Image: zerotake (Pixabay)

Samsung’s popular Galaxy phones probably wouldn’t exist in their current form if it weren’t for Apple, according to the company’s marketing chief, Greg Joswiak, who is featured in a new documentary shared by The Wall Street Journal’s Joanna Stern today that highlights the evolution of the iPhone ahead of the iconic device’s 15th anniversary. In one segment of the interview that discusses how Android smartphones received larger displays years before iPhone did, Joswiak threw shade at Samsung, calling the manufacturer “annoying” and claiming that it “ripped off” Apple’s ideas. Joswiak went so far as to suggest that Samsung’s products were inferior, alleging that its designers had no creativity and merely “put a bigger screen” around Apple’s iPhone design. Samsung now leads the Android smartphone market with models such as the Galaxy S22 Ultra, which features a 6.8-inch AMOLED QHD+ display with 120 Hz refresh rate.

“They were annoying,” Joswiak said. “And they were annoying because, as you know, they ripped off our technology. They took the innovations that we had created and created a poor copy of it, and just put a bigger screen around it. So, yeah, we were none too pleased.”

Samsung launched the Galaxy S4 with a 5-inch display in early 2013, at a time when the iPhone 5 had a 4-inch display. Apple did eventually release its first larger smartphones with the 4.7-inch iPhone 6 and 5.5-inch iPhone 6 Plus in 2014, and the devices were met with strong demand and went on to be among the best-selling iPhone models ever.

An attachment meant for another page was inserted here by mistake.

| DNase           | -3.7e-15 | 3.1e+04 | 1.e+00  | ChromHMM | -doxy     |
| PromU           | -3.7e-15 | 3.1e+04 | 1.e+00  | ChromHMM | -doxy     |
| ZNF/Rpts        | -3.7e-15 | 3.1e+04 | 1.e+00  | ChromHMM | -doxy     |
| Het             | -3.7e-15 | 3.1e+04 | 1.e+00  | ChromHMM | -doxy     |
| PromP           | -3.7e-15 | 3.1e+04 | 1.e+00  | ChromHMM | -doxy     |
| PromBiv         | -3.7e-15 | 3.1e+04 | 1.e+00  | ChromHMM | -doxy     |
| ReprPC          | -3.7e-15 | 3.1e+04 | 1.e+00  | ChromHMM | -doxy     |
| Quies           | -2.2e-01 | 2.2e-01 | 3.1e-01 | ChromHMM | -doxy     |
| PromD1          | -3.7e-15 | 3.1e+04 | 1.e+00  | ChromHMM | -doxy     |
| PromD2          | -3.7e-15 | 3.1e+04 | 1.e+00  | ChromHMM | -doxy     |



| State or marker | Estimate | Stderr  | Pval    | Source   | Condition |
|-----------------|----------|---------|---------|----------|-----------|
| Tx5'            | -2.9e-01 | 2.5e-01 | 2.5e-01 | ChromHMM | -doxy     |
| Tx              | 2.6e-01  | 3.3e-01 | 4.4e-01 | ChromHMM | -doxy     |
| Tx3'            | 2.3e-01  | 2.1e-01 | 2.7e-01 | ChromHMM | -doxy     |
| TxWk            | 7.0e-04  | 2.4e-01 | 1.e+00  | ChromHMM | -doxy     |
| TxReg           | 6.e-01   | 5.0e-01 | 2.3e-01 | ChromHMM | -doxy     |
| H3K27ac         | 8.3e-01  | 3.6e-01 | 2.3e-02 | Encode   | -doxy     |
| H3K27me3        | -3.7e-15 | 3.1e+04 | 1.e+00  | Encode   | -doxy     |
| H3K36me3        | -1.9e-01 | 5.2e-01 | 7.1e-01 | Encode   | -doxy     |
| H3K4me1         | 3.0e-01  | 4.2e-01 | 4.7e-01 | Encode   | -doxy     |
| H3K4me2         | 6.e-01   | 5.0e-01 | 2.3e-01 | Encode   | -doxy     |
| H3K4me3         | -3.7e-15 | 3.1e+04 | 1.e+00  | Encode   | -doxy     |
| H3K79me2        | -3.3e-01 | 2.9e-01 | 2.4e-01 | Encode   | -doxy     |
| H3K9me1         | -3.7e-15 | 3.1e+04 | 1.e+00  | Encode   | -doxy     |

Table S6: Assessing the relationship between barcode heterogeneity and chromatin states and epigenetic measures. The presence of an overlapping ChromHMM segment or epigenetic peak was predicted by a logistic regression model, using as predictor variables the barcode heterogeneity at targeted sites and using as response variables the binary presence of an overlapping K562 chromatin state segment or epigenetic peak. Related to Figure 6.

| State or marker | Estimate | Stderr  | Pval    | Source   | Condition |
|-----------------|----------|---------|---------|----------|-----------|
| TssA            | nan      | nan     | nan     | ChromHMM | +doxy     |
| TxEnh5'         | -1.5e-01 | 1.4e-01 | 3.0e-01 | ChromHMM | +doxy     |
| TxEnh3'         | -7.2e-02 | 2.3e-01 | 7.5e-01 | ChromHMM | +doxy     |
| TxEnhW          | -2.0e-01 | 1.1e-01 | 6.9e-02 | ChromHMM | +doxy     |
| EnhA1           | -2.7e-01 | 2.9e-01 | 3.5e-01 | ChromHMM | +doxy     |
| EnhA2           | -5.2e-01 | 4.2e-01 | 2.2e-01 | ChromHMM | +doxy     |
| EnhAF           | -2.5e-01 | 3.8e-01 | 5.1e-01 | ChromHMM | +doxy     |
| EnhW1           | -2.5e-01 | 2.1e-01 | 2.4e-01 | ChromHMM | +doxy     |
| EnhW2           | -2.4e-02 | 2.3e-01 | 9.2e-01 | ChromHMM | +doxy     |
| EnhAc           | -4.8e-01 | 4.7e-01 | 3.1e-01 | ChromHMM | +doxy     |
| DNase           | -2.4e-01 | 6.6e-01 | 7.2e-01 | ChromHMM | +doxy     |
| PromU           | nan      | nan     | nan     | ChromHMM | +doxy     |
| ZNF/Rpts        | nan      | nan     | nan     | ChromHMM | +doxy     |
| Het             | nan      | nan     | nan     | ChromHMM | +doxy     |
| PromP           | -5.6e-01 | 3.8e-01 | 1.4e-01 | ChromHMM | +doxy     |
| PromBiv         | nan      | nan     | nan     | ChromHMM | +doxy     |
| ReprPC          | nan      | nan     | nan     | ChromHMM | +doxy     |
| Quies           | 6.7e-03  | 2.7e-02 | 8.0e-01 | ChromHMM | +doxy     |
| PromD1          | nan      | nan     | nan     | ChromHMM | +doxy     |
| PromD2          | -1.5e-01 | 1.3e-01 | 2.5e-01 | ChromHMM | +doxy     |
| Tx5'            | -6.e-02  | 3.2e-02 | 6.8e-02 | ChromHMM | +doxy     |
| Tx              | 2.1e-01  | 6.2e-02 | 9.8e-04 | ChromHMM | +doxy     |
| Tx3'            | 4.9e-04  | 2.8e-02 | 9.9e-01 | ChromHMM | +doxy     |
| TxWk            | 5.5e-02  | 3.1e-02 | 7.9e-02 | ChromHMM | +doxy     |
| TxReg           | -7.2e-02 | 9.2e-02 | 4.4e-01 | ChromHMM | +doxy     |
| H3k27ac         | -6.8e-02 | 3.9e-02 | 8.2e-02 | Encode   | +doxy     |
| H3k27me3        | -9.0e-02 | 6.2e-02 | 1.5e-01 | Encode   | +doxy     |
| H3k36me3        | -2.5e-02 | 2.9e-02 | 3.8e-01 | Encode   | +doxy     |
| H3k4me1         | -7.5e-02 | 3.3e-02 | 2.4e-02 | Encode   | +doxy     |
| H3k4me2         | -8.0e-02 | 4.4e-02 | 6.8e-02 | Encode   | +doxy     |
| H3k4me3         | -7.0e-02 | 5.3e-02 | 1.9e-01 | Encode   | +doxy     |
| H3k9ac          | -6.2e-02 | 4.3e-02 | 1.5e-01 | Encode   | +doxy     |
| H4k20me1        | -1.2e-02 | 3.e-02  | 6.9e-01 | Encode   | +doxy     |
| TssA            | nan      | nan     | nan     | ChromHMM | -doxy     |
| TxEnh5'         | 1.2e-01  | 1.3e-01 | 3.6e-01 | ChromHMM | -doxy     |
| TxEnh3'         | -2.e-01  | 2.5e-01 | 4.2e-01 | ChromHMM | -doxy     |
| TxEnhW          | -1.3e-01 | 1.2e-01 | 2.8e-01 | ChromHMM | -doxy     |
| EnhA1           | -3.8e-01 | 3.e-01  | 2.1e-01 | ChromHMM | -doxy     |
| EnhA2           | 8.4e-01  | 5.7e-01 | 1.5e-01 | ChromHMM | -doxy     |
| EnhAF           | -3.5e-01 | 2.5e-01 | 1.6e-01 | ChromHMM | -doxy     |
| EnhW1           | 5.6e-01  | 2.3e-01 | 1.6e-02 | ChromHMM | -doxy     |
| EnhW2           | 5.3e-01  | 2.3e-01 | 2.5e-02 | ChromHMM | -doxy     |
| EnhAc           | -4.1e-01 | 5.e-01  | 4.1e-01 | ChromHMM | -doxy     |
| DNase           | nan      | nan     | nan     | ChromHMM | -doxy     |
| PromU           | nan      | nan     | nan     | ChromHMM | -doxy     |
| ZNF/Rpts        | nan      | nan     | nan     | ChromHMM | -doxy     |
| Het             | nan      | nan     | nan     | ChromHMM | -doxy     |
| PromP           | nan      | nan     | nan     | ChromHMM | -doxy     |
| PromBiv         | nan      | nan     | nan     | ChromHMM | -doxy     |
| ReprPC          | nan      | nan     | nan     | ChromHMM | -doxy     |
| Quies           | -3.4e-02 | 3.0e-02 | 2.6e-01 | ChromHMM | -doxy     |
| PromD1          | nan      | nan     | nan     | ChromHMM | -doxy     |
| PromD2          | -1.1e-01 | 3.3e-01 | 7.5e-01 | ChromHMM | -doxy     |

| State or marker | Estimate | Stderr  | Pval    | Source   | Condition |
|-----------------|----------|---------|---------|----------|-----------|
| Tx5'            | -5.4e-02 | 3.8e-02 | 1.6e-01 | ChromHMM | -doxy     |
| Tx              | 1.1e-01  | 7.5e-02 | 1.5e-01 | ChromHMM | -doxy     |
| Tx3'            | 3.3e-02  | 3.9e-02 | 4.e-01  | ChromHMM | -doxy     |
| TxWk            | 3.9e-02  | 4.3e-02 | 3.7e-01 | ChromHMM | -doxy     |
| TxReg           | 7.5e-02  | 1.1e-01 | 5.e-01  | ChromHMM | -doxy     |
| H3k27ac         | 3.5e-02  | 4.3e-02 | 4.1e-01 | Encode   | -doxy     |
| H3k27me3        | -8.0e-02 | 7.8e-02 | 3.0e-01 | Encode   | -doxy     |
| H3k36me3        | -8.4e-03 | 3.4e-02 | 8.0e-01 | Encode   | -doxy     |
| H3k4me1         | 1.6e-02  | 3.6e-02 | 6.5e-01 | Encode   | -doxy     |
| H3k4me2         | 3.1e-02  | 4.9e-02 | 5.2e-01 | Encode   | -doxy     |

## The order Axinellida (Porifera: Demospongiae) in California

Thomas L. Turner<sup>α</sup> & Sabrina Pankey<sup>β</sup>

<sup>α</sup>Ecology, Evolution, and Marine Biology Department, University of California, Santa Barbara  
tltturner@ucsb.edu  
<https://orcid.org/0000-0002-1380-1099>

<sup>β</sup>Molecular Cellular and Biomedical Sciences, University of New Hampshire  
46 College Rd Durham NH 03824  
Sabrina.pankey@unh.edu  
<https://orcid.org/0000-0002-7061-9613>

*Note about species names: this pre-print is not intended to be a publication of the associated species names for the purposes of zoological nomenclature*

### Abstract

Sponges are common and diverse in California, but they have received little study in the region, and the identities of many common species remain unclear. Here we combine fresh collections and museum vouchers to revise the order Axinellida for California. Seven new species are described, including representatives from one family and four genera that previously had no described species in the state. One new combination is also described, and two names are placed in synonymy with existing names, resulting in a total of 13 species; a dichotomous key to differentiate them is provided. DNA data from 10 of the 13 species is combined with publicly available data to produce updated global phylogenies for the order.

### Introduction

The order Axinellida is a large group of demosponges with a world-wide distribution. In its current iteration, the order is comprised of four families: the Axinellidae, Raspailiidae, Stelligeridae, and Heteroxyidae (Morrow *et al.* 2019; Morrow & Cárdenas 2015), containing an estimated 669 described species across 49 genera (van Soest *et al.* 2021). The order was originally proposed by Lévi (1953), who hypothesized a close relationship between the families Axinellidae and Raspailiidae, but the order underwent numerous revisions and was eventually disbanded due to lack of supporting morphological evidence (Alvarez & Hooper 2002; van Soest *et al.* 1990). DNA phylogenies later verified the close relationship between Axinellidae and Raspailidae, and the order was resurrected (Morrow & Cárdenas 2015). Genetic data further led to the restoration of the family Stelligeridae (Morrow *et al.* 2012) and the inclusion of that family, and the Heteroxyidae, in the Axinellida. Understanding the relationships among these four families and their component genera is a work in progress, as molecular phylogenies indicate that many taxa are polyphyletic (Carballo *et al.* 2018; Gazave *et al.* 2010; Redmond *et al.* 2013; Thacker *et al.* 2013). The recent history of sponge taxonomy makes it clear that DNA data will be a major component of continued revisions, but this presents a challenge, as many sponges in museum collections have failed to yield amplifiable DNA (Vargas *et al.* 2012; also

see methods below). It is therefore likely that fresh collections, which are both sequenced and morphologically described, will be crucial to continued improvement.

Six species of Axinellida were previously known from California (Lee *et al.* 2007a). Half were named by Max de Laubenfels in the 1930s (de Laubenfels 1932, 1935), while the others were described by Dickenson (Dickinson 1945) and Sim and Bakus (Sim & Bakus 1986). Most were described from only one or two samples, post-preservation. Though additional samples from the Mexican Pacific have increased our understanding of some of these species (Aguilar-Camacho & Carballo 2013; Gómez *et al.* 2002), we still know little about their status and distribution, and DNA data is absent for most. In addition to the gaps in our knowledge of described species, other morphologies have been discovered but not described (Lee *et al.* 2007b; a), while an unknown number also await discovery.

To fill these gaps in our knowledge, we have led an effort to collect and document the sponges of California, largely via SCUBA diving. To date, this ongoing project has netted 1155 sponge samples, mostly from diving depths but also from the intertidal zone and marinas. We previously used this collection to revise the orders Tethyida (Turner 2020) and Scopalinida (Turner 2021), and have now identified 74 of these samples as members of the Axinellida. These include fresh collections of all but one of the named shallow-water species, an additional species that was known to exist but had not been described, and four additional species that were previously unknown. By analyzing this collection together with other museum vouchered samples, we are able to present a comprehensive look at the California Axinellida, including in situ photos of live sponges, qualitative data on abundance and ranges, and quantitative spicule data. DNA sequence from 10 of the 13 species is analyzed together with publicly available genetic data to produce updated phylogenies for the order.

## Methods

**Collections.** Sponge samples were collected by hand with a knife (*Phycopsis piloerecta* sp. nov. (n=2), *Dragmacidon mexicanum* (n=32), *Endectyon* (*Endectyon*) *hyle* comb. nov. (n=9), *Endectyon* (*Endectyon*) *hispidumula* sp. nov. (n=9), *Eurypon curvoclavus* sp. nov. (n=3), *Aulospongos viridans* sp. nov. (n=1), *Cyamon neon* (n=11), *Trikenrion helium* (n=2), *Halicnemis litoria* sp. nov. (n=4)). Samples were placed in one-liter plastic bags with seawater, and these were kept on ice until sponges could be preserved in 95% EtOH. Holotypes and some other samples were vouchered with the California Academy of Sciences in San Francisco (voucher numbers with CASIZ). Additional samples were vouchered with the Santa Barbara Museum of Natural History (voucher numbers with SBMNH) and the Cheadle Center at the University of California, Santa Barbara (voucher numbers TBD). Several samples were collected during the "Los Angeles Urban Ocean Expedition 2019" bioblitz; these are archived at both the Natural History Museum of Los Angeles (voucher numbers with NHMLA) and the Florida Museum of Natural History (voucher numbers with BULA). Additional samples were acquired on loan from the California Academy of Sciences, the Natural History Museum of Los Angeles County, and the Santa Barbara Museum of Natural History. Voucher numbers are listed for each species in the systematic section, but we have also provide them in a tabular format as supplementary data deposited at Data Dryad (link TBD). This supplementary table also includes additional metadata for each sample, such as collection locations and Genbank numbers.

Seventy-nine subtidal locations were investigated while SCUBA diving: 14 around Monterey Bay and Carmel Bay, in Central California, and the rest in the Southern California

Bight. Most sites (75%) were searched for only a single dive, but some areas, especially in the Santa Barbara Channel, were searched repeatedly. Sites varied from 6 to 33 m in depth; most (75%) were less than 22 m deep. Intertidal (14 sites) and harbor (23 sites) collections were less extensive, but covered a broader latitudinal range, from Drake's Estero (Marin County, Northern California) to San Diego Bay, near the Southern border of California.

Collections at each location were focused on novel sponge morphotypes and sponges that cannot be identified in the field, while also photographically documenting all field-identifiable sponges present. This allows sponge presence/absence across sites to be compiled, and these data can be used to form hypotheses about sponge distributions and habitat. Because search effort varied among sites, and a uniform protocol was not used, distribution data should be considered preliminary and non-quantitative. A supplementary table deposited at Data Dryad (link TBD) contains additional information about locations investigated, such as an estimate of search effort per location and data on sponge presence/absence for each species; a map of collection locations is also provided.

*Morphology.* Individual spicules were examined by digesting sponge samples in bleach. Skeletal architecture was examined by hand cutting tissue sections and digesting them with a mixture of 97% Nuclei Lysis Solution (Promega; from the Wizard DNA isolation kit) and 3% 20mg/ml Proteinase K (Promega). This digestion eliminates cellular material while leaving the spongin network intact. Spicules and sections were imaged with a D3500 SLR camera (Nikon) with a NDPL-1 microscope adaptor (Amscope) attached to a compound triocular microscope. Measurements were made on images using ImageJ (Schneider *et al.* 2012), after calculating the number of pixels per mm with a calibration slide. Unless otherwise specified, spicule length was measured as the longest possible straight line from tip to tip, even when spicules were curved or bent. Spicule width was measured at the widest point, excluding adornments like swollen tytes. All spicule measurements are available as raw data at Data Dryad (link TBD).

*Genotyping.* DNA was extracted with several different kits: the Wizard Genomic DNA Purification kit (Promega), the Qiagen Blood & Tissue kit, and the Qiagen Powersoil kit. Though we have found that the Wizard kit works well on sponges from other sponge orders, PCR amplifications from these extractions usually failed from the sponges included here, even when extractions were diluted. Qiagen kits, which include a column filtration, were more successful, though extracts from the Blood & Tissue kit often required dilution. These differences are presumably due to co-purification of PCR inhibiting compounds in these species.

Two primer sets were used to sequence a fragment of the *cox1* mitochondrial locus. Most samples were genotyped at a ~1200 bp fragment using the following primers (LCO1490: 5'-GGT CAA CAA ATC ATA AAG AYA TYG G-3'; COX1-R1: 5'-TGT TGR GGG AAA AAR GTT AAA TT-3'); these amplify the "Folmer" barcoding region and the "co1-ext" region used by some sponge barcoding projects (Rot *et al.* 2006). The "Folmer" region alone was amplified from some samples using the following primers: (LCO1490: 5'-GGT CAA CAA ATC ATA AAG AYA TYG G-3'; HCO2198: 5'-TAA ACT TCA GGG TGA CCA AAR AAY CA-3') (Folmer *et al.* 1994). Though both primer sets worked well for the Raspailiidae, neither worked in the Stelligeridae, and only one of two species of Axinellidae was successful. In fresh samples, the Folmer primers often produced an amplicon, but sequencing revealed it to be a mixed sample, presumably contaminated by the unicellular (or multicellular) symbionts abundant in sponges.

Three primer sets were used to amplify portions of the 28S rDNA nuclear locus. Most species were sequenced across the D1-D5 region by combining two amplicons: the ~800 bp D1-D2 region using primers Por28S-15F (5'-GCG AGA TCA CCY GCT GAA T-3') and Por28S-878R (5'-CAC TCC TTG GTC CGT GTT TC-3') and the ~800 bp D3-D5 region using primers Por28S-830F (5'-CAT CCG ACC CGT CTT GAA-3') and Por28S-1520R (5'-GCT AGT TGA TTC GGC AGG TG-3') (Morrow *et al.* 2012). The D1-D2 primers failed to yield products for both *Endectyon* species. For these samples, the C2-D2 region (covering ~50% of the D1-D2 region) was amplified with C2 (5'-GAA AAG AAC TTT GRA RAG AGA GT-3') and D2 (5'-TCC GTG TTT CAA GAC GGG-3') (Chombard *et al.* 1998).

Apple sued Samsung in 2011 for patent infringement, alleging that Samsung copied the iPhone’s design with its own Galaxy line of smartphones. Apple was initially awarded around $1 billion in damages, but the amount was lowered in a subsequent retrial. In 2018, Apple finally settled with Samsung […]

Source: The Wall Street Journal (via MacRumors)

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  1. And lg thinks apple stole it from them, so there. The fact that touchscreens got so much better, its really what dictates these slabs of glass. Nothing more.
  2. Wait you're telling me that an APPLE funded and produced documentary about THEIR product casts them in some kind of positive light about everything. Wow then it MUST be true.
  3. And lg thinks apple stole it from them, so there. The fact that touchscreens got so much better, its really what dictates these slabs of glass. Nothing more.
    Nah, It's more than just the touchscreen.

    The touchscreen was a regression compared to phones of the day - it sucked, and still does really. It was compared against the Blackberry keyboard and found, by most, pretty inferior - and I certainly agree. The original screen was horrible (320x480) with washed out color, it was a bitch to try to use the on-screen keyboard without tactical feedback, and it was limited to EDGE data connection if you weren't on WiFi -- which was slower than most dialup connections. Just looking at the hardware, the first iPhone was an absolute joke.